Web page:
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What exactly is the 'Vashon Hum'?
Editor's Note: Reporter Amelia Heagerty joined radio personality Dave Ross on the Dave Ross Show on KIRO 97.3 on Friday to discuss the "Vashon Hum." Check it out HERE. The original story about the "Vashon Hum," published April 14, appears below.
Even if you don’t hear the hum, your neighbor may.
It could be crashing ocean waves, the wind whipping around the house or a nearby construction site. But those who hear a persistent low-frequency hum on Vashon — from pragmatists who say the hum must have an explainable source to those who believe it could be the Earth’s good vibes — say it isn’t going away and may even be getting louder at times.
The “Vashon Hum” is a very low pure tone that people have heard all across the Island. Some hear it in their yards, while others have heard it in beachfront homes and at Island Center Forest. It’s not a menacing or terribly annoying sound, Islanders report, but those who hear it are fascinated by it and wonder where the hum originates.
The cause of the hum — which is in good company with widely reported hums in places such as Taos, New Mexico, and Kent, England — hasn’t been pinpointed, but experts and Islanders have weighed in on what it may be, and what it isn’t.
“I would describe it as a very low, deep sort of humming sound, with a vibration resonance quality to it,” said Islander Tami Brockway Joyce, who has heard the hum at her westside home off Cove Road, in Island Center Forest and in Dockton. “At first I thought it was the dishwasher running, or some kind of motor running in the background. But my husband and I are hearing it all the time now.”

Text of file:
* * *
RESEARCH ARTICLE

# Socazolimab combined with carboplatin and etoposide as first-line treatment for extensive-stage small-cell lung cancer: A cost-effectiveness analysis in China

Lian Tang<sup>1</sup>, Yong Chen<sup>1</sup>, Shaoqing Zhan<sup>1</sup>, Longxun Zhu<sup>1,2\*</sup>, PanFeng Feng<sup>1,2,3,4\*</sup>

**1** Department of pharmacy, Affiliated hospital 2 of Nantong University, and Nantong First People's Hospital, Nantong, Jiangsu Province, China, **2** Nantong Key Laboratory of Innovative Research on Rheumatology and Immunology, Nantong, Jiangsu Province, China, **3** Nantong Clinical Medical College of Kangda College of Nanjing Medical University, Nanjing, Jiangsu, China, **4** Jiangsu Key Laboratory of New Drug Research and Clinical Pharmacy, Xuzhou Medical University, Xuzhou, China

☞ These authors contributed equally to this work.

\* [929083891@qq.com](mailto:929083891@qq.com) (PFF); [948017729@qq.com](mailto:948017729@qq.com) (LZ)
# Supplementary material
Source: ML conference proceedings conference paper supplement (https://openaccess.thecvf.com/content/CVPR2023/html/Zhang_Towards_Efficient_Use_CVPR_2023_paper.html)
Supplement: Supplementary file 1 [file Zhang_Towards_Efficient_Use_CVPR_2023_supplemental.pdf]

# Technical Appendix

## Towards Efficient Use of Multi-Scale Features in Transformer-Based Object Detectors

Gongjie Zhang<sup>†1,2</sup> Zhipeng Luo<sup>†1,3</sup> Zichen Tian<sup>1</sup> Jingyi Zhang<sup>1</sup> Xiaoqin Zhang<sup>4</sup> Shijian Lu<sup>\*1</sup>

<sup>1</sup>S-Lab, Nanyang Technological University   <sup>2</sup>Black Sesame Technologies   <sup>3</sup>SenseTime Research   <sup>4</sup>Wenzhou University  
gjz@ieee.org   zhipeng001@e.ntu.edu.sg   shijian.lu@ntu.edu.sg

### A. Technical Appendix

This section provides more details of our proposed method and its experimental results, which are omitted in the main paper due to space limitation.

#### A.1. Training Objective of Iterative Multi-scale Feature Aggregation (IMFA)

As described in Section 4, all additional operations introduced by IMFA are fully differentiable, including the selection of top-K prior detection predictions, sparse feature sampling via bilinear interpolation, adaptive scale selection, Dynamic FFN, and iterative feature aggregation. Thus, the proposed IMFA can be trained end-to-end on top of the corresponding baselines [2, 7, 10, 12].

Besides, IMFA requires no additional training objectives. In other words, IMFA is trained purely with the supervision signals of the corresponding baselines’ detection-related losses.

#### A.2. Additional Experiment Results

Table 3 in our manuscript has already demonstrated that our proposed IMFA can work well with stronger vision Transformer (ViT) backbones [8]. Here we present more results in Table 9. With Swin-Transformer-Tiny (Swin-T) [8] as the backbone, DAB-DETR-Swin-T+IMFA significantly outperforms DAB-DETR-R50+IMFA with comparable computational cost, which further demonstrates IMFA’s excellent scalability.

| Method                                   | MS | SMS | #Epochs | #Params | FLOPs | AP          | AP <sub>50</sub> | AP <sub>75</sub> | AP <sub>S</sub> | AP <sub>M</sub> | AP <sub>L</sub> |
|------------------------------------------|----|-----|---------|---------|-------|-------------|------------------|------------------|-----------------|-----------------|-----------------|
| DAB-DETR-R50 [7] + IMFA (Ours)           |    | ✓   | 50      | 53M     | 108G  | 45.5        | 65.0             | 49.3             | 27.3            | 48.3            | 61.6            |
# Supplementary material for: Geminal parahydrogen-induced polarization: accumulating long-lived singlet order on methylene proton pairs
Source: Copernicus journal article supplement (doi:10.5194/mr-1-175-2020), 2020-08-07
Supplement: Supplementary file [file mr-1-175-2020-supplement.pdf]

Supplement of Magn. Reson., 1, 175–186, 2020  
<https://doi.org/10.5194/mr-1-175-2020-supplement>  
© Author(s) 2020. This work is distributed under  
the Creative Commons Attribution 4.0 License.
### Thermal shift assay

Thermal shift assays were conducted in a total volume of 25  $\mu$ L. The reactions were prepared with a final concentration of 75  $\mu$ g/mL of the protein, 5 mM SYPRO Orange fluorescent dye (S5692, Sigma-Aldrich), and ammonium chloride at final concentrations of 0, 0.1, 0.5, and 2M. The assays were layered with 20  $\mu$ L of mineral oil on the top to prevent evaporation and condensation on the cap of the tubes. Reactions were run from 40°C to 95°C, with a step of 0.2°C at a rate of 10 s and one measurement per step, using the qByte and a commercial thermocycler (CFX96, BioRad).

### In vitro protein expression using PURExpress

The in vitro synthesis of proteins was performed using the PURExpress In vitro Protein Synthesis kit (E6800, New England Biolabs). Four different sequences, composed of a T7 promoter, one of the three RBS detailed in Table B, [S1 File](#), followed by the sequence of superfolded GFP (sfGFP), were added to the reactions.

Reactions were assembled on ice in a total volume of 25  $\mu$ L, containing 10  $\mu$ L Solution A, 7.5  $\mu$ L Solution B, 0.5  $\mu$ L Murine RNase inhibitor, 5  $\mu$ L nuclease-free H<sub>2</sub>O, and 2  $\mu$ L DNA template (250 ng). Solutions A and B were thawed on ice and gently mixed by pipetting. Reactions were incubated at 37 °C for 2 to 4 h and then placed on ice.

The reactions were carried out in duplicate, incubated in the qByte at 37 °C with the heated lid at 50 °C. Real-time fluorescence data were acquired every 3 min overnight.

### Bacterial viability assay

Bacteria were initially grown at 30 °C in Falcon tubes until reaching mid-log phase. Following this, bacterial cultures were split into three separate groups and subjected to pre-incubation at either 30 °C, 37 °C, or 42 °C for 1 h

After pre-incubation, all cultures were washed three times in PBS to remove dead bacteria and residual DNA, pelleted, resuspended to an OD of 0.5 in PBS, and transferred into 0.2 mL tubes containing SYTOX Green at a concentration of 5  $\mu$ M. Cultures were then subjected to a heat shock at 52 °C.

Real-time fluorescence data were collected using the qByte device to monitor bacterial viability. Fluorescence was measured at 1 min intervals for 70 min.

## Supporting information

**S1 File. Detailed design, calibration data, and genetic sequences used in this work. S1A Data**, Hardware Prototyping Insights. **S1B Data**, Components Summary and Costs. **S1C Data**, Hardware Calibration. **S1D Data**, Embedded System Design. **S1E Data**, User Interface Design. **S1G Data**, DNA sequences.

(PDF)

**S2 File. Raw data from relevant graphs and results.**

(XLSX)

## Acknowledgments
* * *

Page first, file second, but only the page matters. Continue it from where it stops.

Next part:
Intrigued but also annoyed by the noise, Brockway Joyce recently posted a comment about the hum on her Facebook page. More than 20 people from Vashon and around the country replied, with countless theories for what the hum could be — from wind tunnel testing to low-frequency military communication.
“I’m super-curious about it,” Brockway Joyce said. “It has definitely piqued my interest. I’m constantly thinking, ‘What could it be?’”
Patti McClements, who works at Vashon’s Puget Sound Energy office, said she’s never heard, or heard of, such a hum. But she said staff at the utility office could investigate the hum if Islanders report where and when they hear it.
“Sometimes the transformers do buzz, but if people are hearing it at the ground level and it’s not coming from above, then I don’t know what to say,” she said.
Described as “The Hum” by Wikipedia, the noisy phenomenon has been investigated in several continents and reported on by media including Time Magazine, The Guardian and The Daily Telegraph. Happening in such land-locked places as New Mexico, some believe the sound is land-based.
But it couldn’t be coming from the earth, said geologist Greg Wessel.
“There have been times I’ve heard a sound like that and wondered what it was, but we live on the north end, and I assumed it’s traffic coming from the ferries,” he said. “It could be sounds due to atmospheric pressure or sunspots. But I’m pretty sure there’s nothing geologic that’s responsible for it.”
On the other hand, the hum couldn’t be coming from underwater, according to oceanographers and mechanical engineers.
“It would just not be physically possible for that to be an underwater-based source,” said Peter Dahl, an associate professor in mechanical engineering at the University of Washington and a principal engineer at UW’s Applied Physics Laboratory. “I would say most likely it’s an industrial-based sound or a residential sound, a land-based source.”
Though ships, marine animals and rain can cause sounds in water — some quite loud — it’s highly unlikely Islanders could hear a marine-based sound as deep inland as Island Center Forest, even something as loud as a container ship traveling on the west or east side of the Island, said Chris Bassett, a University of Washington mechanical engineering graduate student who studies underwater ambient noise.